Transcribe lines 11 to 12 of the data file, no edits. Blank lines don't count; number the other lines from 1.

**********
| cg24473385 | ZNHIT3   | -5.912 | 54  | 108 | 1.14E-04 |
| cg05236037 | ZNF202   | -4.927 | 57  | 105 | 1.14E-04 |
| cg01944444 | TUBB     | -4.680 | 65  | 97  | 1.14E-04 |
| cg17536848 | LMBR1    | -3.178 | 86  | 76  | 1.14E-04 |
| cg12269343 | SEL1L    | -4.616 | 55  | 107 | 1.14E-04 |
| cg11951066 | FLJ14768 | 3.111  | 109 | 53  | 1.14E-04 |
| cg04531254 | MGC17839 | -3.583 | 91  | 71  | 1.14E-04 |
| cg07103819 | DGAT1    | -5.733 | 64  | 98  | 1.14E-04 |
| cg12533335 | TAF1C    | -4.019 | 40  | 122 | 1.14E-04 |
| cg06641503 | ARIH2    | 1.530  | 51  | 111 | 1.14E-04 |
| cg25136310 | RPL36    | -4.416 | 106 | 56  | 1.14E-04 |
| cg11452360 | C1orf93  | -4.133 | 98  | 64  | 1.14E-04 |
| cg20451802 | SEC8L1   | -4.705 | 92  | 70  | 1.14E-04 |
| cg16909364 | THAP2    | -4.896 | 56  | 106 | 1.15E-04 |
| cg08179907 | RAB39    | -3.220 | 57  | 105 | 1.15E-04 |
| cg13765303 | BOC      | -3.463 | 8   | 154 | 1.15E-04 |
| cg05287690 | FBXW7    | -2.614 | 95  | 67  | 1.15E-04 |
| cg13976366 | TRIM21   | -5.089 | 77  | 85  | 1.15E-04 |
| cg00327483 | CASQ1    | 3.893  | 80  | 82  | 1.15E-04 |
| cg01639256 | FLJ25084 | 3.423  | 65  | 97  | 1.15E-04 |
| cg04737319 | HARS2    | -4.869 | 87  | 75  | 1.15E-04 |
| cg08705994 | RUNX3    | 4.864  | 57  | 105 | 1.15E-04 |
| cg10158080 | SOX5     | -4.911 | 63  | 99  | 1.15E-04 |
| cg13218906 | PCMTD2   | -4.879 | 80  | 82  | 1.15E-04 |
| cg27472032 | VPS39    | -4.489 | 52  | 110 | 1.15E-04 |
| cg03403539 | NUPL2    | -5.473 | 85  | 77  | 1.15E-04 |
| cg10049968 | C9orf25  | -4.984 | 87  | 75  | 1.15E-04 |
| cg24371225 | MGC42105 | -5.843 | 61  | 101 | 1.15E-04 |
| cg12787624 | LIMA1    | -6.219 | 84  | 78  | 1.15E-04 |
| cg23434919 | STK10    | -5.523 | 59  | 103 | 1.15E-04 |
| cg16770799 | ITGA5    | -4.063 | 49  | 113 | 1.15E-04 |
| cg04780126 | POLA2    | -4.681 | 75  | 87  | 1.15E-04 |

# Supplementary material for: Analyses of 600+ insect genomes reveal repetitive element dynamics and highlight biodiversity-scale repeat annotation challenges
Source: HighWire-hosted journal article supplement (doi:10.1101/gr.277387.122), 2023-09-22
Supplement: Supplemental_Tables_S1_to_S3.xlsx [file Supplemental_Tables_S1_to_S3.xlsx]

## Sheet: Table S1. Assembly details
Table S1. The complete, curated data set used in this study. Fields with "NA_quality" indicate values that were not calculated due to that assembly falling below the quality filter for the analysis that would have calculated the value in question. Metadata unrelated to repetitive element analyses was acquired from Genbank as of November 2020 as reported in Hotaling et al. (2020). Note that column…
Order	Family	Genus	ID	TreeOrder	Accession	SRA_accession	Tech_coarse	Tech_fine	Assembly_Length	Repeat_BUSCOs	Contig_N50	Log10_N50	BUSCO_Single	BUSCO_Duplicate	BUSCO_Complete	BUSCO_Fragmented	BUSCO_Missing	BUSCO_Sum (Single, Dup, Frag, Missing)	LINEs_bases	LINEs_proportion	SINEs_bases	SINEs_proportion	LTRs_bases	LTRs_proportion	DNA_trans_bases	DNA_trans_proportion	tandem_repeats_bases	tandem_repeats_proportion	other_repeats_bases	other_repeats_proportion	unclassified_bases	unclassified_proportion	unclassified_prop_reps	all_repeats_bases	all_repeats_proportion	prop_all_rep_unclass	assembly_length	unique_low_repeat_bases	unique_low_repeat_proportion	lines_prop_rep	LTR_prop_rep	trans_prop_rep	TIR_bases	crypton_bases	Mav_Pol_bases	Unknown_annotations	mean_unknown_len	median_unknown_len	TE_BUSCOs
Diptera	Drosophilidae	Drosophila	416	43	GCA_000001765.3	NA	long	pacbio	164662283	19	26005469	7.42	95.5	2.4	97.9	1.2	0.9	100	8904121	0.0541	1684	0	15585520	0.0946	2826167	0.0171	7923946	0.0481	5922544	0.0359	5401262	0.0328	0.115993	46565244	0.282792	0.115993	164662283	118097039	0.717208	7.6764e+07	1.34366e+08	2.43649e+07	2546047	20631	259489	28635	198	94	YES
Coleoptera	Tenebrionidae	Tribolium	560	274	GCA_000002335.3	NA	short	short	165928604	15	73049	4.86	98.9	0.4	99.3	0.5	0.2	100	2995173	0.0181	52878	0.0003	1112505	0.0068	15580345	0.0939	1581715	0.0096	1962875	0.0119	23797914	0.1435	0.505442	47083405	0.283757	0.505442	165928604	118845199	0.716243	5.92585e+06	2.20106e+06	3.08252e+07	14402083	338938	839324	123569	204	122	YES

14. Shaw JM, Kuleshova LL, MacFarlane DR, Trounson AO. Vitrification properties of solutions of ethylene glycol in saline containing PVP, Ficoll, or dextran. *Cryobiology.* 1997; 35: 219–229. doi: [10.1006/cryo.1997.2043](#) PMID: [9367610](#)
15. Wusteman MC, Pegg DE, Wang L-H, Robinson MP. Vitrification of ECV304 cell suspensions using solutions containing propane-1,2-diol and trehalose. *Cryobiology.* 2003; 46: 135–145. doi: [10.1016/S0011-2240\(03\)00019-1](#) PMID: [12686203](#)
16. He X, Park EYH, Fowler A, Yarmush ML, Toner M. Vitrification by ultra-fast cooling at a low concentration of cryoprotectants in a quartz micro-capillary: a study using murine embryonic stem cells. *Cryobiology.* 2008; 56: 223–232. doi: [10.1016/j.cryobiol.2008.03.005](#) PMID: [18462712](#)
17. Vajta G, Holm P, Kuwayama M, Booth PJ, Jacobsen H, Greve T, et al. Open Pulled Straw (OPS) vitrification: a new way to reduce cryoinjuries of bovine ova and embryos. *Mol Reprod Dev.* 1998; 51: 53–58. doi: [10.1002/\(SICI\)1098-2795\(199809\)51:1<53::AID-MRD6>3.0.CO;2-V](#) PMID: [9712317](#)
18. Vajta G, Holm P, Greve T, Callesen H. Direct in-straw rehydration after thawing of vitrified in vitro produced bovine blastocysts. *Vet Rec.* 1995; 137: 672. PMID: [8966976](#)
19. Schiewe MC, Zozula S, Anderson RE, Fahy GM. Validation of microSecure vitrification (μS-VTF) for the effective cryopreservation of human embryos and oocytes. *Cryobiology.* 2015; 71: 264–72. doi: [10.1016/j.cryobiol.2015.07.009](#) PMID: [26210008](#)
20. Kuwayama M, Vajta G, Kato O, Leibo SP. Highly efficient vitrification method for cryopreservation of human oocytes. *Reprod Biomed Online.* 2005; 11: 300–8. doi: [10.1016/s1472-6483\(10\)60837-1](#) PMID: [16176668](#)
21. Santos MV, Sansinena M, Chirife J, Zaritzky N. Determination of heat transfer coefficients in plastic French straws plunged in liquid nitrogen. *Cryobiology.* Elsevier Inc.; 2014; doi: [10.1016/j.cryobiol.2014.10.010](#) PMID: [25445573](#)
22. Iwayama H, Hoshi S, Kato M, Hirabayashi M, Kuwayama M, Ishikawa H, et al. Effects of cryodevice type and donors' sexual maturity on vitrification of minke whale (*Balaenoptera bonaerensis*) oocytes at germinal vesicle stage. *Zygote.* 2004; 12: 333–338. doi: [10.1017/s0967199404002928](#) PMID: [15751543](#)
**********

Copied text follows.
| cg25136310 | RPL36    | -4.416 | 106 | 56  | 1.14E-04 |
| cg11452360 | C1orf93  | -4.133 | 98  | 64  | 1.14E-04 |